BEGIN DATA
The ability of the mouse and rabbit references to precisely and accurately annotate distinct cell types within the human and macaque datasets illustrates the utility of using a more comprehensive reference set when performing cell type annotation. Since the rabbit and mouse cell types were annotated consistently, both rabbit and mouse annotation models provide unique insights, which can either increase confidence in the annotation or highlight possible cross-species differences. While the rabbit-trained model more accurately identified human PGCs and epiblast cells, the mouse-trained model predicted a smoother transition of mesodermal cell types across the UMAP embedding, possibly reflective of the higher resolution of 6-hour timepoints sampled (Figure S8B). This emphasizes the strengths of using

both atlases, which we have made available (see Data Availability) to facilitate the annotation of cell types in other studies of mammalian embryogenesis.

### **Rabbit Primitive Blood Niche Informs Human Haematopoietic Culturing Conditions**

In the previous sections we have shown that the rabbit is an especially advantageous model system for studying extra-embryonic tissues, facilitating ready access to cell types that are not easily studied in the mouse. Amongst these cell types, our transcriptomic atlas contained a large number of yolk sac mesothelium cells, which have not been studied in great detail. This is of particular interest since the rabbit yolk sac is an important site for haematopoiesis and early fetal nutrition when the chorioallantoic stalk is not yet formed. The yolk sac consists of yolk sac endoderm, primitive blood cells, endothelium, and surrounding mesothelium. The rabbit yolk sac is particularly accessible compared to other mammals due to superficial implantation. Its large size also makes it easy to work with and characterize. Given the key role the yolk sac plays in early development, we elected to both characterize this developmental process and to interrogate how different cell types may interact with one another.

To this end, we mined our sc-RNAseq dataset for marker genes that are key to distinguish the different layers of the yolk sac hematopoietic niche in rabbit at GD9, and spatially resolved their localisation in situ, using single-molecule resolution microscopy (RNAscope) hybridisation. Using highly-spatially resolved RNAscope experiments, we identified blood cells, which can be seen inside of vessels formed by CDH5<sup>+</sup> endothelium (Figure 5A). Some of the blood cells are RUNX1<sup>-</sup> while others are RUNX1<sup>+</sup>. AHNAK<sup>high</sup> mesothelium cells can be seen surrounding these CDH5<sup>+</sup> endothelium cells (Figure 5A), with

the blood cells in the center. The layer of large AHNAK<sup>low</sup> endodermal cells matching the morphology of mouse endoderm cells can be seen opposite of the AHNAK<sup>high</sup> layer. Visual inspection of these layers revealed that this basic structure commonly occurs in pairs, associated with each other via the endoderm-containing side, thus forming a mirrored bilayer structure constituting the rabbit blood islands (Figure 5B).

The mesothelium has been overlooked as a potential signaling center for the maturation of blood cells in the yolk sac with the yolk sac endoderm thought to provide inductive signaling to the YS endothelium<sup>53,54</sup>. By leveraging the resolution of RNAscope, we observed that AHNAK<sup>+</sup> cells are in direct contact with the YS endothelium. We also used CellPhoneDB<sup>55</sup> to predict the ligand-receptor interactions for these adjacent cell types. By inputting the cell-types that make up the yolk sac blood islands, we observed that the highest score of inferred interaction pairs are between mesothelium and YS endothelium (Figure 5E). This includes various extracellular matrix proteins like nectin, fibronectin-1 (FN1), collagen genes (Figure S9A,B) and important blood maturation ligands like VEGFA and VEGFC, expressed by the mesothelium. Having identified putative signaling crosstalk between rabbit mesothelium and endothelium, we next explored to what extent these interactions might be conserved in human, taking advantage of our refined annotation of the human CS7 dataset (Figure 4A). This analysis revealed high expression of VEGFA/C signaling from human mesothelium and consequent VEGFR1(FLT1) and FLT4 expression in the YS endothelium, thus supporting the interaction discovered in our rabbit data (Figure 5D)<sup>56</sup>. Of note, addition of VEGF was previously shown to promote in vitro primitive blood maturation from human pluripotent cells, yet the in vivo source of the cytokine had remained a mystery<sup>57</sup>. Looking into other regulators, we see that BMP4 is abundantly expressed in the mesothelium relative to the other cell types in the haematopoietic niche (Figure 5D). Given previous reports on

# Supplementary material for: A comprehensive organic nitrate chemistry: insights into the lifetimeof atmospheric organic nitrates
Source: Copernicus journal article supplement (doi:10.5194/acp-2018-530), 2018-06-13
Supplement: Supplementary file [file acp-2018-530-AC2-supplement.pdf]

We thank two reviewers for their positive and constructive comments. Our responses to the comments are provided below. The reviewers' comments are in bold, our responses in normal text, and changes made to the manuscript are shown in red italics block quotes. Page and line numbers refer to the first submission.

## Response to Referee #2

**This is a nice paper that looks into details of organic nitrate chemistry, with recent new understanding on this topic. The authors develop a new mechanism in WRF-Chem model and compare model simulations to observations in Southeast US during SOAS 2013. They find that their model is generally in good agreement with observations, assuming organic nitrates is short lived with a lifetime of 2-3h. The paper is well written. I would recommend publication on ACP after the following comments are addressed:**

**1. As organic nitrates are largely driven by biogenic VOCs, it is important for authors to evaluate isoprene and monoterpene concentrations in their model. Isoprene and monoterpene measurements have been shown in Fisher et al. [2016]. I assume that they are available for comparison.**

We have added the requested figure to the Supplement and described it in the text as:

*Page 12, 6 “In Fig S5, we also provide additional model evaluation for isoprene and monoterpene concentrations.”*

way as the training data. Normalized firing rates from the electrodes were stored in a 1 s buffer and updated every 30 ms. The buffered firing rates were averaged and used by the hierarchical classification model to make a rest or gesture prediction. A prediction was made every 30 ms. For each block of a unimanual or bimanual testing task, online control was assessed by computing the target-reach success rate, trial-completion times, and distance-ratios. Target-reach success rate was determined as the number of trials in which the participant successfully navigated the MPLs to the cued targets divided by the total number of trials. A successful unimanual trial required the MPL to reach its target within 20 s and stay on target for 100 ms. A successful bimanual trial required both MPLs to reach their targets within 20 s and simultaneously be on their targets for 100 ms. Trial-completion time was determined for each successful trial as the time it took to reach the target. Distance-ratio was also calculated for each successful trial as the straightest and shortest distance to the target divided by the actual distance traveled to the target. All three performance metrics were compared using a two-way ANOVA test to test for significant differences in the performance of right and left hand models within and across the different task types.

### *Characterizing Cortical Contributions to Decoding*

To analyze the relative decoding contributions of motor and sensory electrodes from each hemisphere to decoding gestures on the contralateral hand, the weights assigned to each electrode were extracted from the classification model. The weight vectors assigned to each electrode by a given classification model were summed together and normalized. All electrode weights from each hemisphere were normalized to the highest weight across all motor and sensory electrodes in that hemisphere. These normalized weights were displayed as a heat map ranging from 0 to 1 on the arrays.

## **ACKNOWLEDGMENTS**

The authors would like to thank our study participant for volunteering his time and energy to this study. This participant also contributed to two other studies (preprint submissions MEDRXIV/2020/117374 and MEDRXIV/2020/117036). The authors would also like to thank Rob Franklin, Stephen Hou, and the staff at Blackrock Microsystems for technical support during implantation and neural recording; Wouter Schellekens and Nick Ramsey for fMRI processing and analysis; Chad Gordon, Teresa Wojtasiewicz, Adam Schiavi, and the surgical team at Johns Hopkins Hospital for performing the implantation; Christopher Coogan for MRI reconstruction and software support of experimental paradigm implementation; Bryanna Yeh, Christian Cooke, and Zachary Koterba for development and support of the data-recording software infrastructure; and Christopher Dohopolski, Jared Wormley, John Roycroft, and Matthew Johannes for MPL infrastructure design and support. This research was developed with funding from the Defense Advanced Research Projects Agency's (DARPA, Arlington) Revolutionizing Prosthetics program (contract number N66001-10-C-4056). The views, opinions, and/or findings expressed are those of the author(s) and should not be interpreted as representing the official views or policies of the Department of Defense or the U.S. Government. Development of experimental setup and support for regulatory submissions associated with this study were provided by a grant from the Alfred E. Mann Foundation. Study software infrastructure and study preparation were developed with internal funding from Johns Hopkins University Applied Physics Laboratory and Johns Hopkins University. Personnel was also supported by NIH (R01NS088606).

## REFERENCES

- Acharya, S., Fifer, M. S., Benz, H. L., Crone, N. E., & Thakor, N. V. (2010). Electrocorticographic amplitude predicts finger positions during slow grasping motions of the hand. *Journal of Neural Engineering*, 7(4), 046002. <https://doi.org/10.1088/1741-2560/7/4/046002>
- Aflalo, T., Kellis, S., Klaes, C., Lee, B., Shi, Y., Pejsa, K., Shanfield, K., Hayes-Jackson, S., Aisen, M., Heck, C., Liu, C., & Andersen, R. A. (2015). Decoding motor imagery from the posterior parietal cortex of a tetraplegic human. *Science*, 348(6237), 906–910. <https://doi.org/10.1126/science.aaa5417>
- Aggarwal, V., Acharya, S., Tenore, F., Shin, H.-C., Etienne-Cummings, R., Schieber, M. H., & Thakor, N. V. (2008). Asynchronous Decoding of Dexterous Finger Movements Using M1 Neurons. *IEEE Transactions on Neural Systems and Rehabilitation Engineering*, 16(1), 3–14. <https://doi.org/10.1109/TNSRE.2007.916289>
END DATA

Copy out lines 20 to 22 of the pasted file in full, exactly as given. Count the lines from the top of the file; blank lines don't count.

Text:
## **ACKNOWLEDGMENTS**

The authors would like to thank our study participant for volunteering his time and energy to this study. This participant also contributed to two other studies (preprint submissions MEDRXIV/2020/117374 and MEDRXIV/2020/117036). The authors would also like to thank Rob Franklin, Stephen Hou, and the staff at Blackrock Microsystems for technical support during implantation and neural recording; Wouter Schellekens and Nick Ramsey for fMRI processing and analysis; Chad Gordon, Teresa Wojtasiewicz, Adam Schiavi, and the surgical team at Johns Hopkins Hospital for performing the implantation; Christopher Coogan for MRI reconstruction and software support of experimental paradigm implementation; Bryanna Yeh, Christian Cooke, and Zachary Koterba for development and support of the data-recording software infrastructure; and Christopher Dohopolski, Jared Wormley, John Roycroft, and Matthew Johannes for MPL infrastructure design and support. This research was developed with funding from the Defense Advanced Research Projects Agency's (DARPA, Arlington) Revolutionizing Prosthetics program (contract number N66001-10-C-4056). The views, opinions, and/or findings expressed are those of the author(s) and should not be interpreted as representing the official views or policies of the Department of Defense or the U.S. Government. Development of experimental setup and support for regulatory submissions associated with this study were provided by a grant from the Alfred E. Mann Foundation. Study software infrastructure and study preparation were developed with internal funding from Johns Hopkins University Applied Physics Laboratory and Johns Hopkins University. Personnel was also supported by NIH (R01NS088606).

## REFERENCES